In accommodating the old (Charles, Magneto) with the younger brigade, Singer can’t quite find the right balance between telling a good, cohesive story and servicing the franchise’s ballooning world-building requirements. Tips o’ the hat to previous instalments, recurring characters (Josh Helman’s Colonel Stryker makes another appearance, although to what end I’m still confused) and reestablishing the friendships and core X-Men grouping seem to restrict organic storytelling to the degree it’s a little by-the-numbers. You do get the feeling that, in echoing the Marvel and DC connected cinematic universe style, Apocalypse is trying to set up future events often in spite of figuring out the current events. It’s not obvious, but it is present, and – if you stick through the closing credits – clever enough in parts to bring a knowing smile to long-time fans.
At the end of the day, though, what audiences come to see are mutants doing mutant things, and that certainly happens here. Magneto’s dispatching of various people using his powers, not to mention his planetary ability to shift continents (yeah, true story), is a shock-and-awe CG festival of design and green-screen. Charles and Jean’s mental abilities are given the fantastic visual acuity Singer himself established back in the original X-Men. Scott’s eyebeams look cool again, Psylocke’s pink energy sword-thing is heaps cool, and Nightcrawler’s transporting effects are treated almost indifferently by the camera. Heck, even Apocalypse himself dispatches several unwitting victims in unique and clever ways, making him a truly formidable enemy. That’s the thing, I think: too often comic book films don’t treat their villains with the gravitas or power level heroes need to overcome with respect, but Apocalypse is indeed one for the ages, with an extinction-level power set and single-minded mission to build a new world order, and the raw hubris to back it up.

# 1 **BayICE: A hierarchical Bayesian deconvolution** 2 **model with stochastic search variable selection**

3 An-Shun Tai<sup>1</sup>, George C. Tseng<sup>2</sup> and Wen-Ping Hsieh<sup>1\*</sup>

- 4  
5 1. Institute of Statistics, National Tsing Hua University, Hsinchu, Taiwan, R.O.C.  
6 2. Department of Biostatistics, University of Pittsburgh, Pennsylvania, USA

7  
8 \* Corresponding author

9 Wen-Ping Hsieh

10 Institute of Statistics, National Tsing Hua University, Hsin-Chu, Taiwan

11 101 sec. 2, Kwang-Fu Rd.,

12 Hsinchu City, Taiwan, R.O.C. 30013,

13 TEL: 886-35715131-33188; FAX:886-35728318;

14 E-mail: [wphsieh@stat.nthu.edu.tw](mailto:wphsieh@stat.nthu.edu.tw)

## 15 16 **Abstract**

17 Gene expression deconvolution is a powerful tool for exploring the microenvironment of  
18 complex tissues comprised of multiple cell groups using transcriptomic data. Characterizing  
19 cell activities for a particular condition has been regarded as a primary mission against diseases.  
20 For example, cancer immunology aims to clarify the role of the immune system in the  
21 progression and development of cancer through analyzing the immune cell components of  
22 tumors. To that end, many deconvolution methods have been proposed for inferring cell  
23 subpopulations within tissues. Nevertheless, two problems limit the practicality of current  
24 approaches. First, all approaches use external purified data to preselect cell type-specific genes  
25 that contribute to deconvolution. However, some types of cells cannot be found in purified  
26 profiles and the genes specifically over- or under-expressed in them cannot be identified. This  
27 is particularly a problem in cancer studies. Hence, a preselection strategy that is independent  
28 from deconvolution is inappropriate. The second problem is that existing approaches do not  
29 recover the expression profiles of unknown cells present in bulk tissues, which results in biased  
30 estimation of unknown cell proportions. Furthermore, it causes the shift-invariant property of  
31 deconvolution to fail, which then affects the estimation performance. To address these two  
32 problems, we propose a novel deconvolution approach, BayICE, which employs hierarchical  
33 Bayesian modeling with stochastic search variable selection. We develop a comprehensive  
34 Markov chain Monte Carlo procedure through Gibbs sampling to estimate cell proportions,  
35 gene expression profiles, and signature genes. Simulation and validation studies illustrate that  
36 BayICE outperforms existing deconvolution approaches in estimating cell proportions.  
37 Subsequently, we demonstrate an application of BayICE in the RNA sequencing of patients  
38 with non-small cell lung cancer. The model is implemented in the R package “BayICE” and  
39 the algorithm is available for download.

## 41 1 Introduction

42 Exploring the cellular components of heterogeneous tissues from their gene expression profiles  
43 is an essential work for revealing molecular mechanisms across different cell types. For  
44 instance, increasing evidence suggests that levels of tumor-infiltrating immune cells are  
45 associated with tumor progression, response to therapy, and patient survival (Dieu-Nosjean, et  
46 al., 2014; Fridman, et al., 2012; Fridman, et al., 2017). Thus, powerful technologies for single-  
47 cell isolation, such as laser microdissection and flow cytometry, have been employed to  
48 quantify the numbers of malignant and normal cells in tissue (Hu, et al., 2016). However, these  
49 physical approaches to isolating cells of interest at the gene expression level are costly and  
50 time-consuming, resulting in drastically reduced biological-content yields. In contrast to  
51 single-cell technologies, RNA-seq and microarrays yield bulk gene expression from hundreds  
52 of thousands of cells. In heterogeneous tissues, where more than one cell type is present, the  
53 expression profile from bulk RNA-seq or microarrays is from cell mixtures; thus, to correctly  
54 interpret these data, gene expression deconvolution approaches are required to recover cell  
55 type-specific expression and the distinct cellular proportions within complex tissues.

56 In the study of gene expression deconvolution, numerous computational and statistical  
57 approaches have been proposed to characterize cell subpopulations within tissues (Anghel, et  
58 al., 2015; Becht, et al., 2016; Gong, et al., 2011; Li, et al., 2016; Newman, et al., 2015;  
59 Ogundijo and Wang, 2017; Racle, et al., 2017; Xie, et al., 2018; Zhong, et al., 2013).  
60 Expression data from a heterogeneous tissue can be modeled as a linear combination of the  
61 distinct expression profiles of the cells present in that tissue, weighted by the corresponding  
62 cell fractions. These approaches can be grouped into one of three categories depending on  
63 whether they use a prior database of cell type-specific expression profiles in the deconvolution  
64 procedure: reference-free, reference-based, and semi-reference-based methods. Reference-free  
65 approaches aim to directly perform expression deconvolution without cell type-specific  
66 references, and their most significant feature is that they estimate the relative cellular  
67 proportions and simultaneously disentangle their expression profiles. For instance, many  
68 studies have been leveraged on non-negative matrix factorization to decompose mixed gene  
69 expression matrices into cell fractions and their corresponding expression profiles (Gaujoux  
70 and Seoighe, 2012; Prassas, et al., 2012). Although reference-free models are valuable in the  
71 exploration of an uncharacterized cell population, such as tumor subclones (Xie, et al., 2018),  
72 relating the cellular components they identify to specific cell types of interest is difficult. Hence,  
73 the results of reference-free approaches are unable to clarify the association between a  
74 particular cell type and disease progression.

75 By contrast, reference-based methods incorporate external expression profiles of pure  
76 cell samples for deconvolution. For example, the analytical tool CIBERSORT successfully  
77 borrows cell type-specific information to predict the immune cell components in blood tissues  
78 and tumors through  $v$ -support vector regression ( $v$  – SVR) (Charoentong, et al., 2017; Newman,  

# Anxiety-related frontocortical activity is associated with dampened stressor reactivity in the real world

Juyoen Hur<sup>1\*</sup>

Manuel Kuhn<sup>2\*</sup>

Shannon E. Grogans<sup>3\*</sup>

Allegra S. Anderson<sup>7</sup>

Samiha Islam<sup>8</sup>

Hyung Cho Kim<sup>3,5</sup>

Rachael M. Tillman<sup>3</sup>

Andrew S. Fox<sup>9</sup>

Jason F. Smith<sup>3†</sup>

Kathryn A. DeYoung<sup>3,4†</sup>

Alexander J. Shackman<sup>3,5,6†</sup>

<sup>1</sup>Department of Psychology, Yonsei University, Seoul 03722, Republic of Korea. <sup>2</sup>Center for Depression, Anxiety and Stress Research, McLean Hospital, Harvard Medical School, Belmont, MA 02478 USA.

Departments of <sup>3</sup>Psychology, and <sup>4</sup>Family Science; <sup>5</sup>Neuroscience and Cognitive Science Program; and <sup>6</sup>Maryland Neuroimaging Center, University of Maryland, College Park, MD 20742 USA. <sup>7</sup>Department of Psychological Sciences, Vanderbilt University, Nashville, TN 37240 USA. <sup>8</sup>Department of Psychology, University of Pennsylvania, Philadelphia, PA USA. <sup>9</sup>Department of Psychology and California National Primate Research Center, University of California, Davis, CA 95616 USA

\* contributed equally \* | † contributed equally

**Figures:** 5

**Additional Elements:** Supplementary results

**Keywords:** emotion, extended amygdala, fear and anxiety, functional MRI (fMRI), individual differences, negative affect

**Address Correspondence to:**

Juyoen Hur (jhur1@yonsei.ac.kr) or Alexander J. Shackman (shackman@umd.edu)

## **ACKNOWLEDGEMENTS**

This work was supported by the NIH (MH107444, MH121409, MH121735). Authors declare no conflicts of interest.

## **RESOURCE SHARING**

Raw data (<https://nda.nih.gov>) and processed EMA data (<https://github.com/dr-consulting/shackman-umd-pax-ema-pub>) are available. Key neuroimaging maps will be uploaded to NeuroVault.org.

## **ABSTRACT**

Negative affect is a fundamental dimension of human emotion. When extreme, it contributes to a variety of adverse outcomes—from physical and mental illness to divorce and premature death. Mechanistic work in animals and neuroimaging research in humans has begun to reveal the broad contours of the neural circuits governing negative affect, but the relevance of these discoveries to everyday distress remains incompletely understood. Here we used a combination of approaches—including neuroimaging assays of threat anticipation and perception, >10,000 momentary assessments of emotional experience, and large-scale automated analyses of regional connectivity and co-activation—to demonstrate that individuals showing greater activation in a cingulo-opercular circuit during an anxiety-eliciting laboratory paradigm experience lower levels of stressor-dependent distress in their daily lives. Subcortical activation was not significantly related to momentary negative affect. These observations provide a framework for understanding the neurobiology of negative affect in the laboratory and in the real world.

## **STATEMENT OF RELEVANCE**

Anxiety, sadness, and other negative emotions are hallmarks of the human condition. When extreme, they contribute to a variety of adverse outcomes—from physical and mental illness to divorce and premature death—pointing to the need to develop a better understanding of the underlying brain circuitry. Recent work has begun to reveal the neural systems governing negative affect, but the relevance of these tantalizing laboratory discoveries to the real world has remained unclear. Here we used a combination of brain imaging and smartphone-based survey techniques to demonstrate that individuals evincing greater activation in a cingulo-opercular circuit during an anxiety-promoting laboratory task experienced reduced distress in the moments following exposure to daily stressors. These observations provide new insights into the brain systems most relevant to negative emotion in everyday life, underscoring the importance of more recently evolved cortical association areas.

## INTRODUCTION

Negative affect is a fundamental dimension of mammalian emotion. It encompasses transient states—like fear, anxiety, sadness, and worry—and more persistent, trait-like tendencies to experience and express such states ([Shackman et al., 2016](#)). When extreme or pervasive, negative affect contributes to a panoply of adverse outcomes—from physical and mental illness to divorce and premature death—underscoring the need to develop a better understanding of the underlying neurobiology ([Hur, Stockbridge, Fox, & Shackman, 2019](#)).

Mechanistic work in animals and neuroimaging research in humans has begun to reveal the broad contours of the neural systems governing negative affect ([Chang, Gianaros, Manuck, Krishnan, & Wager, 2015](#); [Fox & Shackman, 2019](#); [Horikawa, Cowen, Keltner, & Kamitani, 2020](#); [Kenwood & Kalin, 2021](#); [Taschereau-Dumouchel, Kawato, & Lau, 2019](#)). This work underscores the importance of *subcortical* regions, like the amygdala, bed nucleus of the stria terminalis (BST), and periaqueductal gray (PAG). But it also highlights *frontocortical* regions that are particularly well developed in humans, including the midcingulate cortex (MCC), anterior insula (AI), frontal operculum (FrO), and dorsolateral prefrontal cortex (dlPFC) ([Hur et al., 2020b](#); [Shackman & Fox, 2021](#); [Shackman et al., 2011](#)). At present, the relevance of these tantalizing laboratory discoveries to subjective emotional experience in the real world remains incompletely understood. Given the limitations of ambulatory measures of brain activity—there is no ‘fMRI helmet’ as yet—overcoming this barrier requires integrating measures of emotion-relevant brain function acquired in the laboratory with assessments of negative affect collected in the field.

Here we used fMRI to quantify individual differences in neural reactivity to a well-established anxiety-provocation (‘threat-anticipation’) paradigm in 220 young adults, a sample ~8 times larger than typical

X-Men: Apocalypse is a big-budget slam-dunk franchise entry for everyone’s favourite mutant gang, but it’s far from being the best of the bunch thanks to bloated story requirements and a lack of focus on key elements of the ongoing saga. Utterly wasted are Fassbender and Lawrence, even though they’re key draws for the film, with the story instead reliant on the terrific chemistry between the younger players in Hoult, Turner, Smit-McPhee, Peters and Sheridan, all of whom feel “right” for the rapidly de-aging characters this franchise spends time with. Singer gets most of it right, a bit of it wrong, and all of it at least delivers the world-ending spectacle the franchise has long promised. Solid, entertaining and at times moving (mostly when Fassbender’s Magneto is on screen), Apocalypse is an engaging entry in the world of the X.